Already on order from Fincantieri is another duo, Silver Moon and Silver Dawn. Slated to debut in 2020 and 2021 respectively, these 40,700 ton siblings are sister ships to last years’ Silver Muse. I honestly doubt that the new ships will be much bigger than this. if indeed, they actually are bigger at all.

That said, Silversea has definitely tilted toward some ever so subtle up-sizing over the last few years. The recent addition of a new mid section to the one of a kind Silver Spirit allowed the line to create a diverse, very substantial dining handle on board that these new ships will also surely replicate. Despite being one of the most esteemed names in deluxe luxury cruising, Silversea realised some time ago that it needed to enhance and update the traditional, tried and tested staple product, and it has done exactly that. Under the new ownership, I would very much expect that trend to continue.

Silversea is also strengthening it’s current, pre-eminent position in the deluxe expedition ship market with the commission of a first ever dedicated new build. Due to debut from the De Hoop shipyard in Holland in 2020, the Silver Origin is designed specifically for the niche Galapagos market. Whether this means that the current, on site ship-Silver Galapagos– will go elsewhere, remain on site or, perhaps, even leave the fleet-is as yet uncertain.

However you cut the cards, it’s still full steam ahead for Silversea on both fronts. As always, anticipation truly is a marvellous appetiser.

 

SAGA CRUISES TO JOIN THE ALL INCLUSIVE BANDWAGON IN 2020

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Artist’s rendering of Saga Cruises’ elegant new Spirit of Discovery, slated for delivery from Germany in 2020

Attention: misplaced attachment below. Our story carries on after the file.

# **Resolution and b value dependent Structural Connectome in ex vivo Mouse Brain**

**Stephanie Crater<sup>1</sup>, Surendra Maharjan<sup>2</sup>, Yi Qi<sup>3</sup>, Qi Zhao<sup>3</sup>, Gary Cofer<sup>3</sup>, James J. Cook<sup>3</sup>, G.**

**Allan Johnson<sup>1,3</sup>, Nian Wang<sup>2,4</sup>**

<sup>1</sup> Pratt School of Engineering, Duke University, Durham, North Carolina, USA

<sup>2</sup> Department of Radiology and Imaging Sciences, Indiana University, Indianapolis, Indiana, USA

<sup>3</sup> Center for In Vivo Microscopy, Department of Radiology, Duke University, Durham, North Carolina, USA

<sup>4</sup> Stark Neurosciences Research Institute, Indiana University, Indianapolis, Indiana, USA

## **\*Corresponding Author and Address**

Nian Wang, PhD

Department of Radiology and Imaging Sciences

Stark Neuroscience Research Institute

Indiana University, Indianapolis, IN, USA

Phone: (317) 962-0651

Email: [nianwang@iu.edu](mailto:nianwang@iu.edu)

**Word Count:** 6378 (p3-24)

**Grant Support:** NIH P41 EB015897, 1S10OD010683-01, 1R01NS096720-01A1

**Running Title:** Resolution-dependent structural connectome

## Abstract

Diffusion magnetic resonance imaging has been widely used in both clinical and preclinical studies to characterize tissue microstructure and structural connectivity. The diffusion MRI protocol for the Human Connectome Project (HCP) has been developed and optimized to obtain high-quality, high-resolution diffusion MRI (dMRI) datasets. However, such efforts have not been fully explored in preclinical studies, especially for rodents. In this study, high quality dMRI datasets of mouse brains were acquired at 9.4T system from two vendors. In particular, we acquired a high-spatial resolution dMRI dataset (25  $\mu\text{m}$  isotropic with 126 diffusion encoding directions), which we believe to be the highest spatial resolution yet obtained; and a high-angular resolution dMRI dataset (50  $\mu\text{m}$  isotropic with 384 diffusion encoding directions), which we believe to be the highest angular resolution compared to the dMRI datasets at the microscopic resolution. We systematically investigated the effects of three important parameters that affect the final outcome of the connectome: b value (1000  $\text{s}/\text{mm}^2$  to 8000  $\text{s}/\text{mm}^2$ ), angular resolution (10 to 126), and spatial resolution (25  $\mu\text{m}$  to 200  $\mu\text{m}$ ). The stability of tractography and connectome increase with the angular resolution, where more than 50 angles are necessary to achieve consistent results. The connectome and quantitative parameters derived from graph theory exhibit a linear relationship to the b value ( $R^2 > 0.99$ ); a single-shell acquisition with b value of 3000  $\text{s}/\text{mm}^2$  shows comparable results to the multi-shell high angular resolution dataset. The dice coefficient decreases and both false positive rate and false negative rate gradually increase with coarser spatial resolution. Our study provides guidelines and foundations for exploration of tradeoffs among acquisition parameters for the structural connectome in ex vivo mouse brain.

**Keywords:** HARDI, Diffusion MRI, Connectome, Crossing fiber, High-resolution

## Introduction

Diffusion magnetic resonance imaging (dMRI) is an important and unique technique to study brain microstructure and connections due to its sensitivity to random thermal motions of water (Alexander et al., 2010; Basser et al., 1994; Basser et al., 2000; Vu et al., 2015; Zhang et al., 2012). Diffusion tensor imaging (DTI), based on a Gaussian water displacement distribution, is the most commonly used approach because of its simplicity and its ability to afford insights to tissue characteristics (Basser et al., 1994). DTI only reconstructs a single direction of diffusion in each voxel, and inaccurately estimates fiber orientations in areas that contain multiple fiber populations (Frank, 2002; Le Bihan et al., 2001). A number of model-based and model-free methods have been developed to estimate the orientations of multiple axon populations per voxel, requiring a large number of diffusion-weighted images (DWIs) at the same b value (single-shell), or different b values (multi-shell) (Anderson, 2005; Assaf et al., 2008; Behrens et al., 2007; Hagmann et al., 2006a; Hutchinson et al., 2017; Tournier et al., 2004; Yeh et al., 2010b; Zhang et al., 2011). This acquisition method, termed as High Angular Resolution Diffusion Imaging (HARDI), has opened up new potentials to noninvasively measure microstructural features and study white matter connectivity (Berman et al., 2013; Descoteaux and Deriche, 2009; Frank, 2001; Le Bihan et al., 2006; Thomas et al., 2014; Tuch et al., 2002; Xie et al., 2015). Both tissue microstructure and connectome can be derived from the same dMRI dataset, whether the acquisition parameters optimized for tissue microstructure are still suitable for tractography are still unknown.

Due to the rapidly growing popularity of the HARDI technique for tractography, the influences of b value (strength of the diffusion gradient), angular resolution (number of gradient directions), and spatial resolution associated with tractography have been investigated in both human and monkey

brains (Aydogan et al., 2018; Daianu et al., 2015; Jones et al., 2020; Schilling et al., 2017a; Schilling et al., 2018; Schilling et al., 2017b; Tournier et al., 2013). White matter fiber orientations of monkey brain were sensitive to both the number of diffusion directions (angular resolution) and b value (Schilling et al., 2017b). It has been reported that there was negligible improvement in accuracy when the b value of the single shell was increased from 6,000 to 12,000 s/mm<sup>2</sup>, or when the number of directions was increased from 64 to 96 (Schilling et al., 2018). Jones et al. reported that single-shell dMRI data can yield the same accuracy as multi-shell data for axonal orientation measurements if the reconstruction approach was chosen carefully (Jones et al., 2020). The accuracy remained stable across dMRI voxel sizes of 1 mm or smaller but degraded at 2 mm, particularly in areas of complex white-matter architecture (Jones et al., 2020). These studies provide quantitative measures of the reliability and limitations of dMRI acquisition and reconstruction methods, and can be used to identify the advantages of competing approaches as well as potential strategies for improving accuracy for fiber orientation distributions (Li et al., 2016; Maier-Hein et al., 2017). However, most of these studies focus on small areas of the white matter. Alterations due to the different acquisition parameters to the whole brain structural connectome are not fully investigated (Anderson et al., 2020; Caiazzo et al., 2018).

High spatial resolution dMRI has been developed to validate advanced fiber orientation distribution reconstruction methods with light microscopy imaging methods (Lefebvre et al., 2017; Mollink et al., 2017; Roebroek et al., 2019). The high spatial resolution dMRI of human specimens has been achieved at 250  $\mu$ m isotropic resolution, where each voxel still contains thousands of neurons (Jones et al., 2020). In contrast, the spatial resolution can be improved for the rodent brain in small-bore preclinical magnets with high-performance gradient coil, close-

Saga Cruises has formally announced what some of us have been expecting for some time. Namely, that the line will go all-inclusive following the introduction of it’s brace of bespoke new builds in January and August of 2020, respectively.

The two ships- Spirit of Discovery and Spirit of Adventure- will showcase the already included, hugely popular Saga USPs, including free door-to-door transfers, free insurance, and no extra charge on board restaurant reservations. But the addition of an all inclusive package on the drinks front will raise the appeal of the line to something possibly quite beyond it’s current, mandatory ‘fifty plus’ passenger demographic.

While this is undoubtedly a smart move on the part of Saga Cruises, it is also one that is gathering pace across the cruise industry as a whole. Remember that the British accented Marella Cruises is also going all inclusive effective from May, 2019.

Among the niche lines, ‘all inclusive’ has always been a tenet for the value and exclusive on board lifestyle that each offers. The likes of Crystal, Regent, Seabourn, Seadream Yacht Club and Silversea have offered just such inclusiveness for a decade and more now.

Coming just a small step down, Azamara Club Cruises went all inclusive some time ago, and it is surely only a matter of time before it’s main competitor, Oceania Cruises, does the same. Also, look out for the stylish, yacht like Windstar Cruises following along the same path in the not too distant future.

Potential passengers now want more inclusive fares more than ever. Even more traditional British lines such as Fred. Olsen and Cruise and Maritime Voyages are now adding very cost effective, per day drinks packages onto most of their cruises of more than five nights’ duration. On the USA oriented front, big lines such as Norwegian Cruise Line and Royal Caribbean also offer all inclusive drinks packages for purchase, though these must be arranged by Day One, and all passengers in the same cabin must participate.

Several factors are driving this; firstly, the relative weakness of the UK Pound against both the Dollar and the Euro is has bled UK travellers of around twenty per cent on average of their normal holiday spend, with the inevitable result that most of us are now getting more than a bit canny about which particular cruises we decide to splurge on in future. The continuing uncertainty about Brexit certainly does not help, either. And there’s mounting evidence that European passengers are beginning to shy away from US-centric itineraries in the current political climate as well. That last one could turn out to be a potential double whammy. Let’s hope not, for the sake of all concerned.

Interesting times, one way and another. As ever, stay tuned.

THE CELESTYAL CRYSTAL PART FOUR: TIME OUT IN THE TIMELESS ISLANDS

SANTORINI
Santorini from the heights